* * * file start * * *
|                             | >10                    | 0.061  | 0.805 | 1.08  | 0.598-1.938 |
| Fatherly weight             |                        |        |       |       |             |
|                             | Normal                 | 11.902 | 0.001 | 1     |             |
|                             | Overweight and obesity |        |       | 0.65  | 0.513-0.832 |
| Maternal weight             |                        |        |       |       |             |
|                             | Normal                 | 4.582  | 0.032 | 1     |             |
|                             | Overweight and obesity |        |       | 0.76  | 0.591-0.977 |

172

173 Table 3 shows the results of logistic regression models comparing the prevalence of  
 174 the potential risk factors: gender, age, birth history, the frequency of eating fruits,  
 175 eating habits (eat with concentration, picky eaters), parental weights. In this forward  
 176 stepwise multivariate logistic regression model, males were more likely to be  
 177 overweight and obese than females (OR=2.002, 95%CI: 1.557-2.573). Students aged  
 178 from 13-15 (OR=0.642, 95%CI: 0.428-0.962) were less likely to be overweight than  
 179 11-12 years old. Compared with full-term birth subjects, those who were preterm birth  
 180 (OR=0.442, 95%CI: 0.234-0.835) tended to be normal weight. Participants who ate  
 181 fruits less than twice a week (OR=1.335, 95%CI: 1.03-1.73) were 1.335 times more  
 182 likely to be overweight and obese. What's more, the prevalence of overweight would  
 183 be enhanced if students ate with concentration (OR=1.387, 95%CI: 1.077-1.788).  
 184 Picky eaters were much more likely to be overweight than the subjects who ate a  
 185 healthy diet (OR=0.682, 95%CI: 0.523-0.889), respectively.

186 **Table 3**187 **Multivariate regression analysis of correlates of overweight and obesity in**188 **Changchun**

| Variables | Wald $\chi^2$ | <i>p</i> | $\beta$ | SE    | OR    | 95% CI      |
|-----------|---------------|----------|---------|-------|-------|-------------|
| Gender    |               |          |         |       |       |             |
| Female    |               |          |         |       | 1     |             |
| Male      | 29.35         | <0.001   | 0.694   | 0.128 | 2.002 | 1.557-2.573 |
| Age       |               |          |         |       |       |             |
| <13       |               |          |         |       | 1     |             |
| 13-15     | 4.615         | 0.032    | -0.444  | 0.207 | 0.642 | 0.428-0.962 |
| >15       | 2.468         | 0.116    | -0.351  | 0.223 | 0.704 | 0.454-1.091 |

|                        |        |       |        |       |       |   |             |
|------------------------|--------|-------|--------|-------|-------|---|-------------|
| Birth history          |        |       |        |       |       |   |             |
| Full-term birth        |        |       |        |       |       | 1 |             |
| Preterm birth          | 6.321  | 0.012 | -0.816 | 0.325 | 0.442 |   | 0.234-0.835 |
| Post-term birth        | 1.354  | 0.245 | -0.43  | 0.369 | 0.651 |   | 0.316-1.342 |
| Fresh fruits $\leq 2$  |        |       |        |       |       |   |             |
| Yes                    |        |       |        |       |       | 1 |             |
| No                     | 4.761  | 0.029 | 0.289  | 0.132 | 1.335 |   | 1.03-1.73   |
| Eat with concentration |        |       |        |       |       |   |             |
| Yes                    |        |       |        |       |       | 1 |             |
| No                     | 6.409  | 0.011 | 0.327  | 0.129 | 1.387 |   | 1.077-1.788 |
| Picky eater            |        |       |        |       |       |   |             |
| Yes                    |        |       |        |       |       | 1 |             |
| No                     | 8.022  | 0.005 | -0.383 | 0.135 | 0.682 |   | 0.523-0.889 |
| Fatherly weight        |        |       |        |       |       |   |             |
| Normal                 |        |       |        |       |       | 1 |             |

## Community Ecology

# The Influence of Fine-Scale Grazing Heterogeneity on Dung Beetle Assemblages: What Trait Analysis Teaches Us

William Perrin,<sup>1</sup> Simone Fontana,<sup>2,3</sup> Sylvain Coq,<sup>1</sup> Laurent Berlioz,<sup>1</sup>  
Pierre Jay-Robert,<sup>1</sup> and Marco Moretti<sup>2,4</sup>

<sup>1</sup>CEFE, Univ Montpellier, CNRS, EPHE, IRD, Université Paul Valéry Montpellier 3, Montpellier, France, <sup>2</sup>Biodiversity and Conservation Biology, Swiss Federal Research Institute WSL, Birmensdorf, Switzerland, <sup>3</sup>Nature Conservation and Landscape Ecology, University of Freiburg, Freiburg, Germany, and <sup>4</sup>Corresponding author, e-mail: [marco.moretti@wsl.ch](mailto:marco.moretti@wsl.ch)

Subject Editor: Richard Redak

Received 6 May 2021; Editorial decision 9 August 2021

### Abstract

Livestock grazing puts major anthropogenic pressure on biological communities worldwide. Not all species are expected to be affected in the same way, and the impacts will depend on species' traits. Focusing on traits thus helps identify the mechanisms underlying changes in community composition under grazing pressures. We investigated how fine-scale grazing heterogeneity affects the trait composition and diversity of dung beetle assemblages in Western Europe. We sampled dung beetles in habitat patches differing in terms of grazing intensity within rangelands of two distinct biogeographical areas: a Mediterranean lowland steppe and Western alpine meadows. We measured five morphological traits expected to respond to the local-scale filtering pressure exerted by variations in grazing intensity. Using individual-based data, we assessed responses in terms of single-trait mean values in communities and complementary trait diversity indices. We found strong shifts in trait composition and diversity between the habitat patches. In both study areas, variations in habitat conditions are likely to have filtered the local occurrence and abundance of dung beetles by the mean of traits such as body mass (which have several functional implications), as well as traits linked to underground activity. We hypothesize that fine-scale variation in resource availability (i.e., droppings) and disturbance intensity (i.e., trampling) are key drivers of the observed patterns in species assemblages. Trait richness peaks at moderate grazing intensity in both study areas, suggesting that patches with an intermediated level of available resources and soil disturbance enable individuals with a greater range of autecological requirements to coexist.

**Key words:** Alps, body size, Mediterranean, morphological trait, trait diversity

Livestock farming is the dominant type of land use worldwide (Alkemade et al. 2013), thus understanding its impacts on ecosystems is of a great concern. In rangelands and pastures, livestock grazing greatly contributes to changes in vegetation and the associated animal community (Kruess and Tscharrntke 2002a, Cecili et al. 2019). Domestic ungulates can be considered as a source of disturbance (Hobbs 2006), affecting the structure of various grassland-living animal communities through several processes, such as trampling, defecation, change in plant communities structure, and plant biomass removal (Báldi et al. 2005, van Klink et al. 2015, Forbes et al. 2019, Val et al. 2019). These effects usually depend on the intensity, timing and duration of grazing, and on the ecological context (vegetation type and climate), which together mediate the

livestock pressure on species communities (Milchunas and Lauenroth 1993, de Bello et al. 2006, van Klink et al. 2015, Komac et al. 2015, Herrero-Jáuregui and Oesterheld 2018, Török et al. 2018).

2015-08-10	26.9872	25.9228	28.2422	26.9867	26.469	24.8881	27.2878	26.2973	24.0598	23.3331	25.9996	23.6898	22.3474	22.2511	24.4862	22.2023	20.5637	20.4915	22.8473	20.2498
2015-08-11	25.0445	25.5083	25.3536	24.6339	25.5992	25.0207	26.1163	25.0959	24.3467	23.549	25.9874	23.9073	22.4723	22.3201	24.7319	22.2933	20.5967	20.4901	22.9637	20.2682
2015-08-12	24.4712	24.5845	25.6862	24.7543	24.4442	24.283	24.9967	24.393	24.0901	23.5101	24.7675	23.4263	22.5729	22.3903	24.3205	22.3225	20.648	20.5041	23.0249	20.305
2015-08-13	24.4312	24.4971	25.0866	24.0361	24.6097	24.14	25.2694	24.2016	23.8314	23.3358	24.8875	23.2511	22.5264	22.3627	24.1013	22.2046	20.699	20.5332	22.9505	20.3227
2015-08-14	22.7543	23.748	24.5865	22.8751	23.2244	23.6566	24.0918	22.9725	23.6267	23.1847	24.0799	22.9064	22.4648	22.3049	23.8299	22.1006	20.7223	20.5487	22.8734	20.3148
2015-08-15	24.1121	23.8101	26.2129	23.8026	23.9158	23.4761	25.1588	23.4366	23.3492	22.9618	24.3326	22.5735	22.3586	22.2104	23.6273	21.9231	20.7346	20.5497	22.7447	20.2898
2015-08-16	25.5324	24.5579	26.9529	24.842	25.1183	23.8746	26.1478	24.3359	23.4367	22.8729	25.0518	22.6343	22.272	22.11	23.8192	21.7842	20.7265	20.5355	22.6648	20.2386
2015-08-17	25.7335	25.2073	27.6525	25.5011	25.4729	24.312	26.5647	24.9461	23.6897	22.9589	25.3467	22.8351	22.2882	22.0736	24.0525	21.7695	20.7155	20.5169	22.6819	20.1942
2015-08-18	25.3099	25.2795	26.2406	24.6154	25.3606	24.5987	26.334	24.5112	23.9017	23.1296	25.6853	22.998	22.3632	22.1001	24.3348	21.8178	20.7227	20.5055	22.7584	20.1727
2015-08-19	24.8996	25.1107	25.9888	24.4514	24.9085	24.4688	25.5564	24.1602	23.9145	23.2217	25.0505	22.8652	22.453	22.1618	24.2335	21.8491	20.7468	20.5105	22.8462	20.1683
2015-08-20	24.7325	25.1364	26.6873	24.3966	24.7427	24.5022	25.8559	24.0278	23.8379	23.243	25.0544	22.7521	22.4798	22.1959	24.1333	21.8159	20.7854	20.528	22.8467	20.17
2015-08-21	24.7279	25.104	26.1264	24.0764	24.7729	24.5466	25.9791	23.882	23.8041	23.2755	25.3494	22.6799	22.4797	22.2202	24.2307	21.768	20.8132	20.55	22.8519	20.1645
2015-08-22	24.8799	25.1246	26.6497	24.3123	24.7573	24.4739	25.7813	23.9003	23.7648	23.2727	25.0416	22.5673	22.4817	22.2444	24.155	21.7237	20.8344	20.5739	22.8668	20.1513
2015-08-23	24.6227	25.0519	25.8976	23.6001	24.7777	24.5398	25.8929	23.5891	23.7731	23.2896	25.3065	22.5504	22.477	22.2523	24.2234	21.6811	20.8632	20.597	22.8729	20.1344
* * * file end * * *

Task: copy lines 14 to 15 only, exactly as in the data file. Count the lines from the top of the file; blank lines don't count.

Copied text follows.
 178 from 13-15 (OR=0.642, 95%CI: 0.428-0.962) were less likely to be overweight than  
 179 11-12 years old. Compared with full-term birth subjects, those who were preterm birth  